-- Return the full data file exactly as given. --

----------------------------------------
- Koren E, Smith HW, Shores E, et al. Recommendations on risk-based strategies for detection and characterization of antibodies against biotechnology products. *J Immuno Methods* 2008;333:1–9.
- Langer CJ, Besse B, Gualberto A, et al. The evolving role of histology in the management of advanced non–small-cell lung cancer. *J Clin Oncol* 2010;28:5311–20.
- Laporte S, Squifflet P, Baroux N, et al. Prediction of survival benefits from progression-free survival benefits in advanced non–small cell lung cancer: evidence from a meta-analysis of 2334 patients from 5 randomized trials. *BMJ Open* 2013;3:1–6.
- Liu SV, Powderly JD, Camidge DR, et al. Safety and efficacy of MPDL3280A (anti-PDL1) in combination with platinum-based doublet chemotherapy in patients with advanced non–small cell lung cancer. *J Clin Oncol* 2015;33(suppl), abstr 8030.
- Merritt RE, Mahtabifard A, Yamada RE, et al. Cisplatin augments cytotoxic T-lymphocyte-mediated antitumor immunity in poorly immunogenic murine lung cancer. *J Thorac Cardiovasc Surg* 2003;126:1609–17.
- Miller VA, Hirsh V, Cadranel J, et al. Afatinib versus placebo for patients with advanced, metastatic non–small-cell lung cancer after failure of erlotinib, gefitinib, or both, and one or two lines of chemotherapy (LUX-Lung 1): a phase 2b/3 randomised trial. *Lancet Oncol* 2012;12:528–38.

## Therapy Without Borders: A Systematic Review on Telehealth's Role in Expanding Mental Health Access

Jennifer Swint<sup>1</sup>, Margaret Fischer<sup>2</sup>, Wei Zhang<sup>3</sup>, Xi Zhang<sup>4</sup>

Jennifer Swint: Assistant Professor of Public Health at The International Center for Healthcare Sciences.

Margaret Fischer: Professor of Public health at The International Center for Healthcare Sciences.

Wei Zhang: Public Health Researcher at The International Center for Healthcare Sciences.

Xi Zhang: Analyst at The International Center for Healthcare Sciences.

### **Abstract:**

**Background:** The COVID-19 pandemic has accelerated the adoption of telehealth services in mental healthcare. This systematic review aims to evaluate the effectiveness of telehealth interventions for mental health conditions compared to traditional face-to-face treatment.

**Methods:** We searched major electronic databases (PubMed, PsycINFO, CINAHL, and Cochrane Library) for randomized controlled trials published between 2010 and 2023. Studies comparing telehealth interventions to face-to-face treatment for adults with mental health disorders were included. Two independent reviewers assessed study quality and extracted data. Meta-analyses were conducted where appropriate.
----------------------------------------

- Koren E, Smith HW, Shores E, et al. Recommendations on risk-based strategies for detection and characterization of antibodies against biotechnology products. *J Immuno Methods* 2008;333:1–9.
- Langer CJ, Besse B, Gualberto A, et al. The evolving role of histology in the management of advanced non–small-cell lung cancer. *J Clin Oncol* 2010;28:5311–20.
- Laporte S, Squifflet P, Baroux N, et al. Prediction of survival benefits from progression-free survival benefits in advanced non–small cell lung cancer: evidence from a meta-analysis of 2334 patients from 5 randomized trials. *BMJ Open* 2013;3:1–6.
- Liu SV, Powderly JD, Camidge DR, et al. Safety and efficacy of MPDL3280A (anti-PDL1) in combination with platinum-based doublet chemotherapy in patients with advanced non–small cell lung cancer. *J Clin Oncol* 2015;33(suppl), abstr 8030.
- Merritt RE, Mahtabifard A, Yamada RE, et al. Cisplatin augments cytotoxic T-lymphocyte-mediated antitumor immunity in poorly immunogenic murine lung cancer. *J Thorac Cardiovasc Surg* 2003;126:1609–17.
- Miller VA, Hirsh V, Cadranel J, et al. Afatinib versus placebo for patients with advanced, metastatic non–small-cell lung cancer after failure of erlotinib, gefitinib, or both, and one or two lines of chemotherapy (LUX-Lung 1): a phase 2b/3 randomised trial. *Lancet Oncol* 2012;12:528–38.

## Therapy Without Borders: A Systematic Review on Telehealth's Role in Expanding Mental Health Access

Jennifer Swint<sup>1</sup>, Margaret Fischer<sup>2</sup>, Wei Zhang<sup>3</sup>, Xi Zhang<sup>4</sup>

Jennifer Swint: Assistant Professor of Public Health at The International Center for Healthcare Sciences.

Margaret Fischer: Professor of Public health at The International Center for Healthcare Sciences.

Wei Zhang: Public Health Researcher at The International Center for Healthcare Sciences.

Xi Zhang: Analyst at The International Center for Healthcare Sciences.

### **Abstract:**

**Background:** The COVID-19 pandemic has accelerated the adoption of telehealth services in mental healthcare. This systematic review aims to evaluate the effectiveness of telehealth interventions for mental health conditions compared to traditional face-to-face treatment.

**Methods:** We searched major electronic databases (PubMed, PsycINFO, CINAHL, and Cochrane Library) for randomized controlled trials published between 2010 and 2023. Studies comparing telehealth interventions to face-to-face treatment for adults with mental health disorders were included. Two independent reviewers assessed study quality and extracted data. Meta-analyses were conducted where appropriate.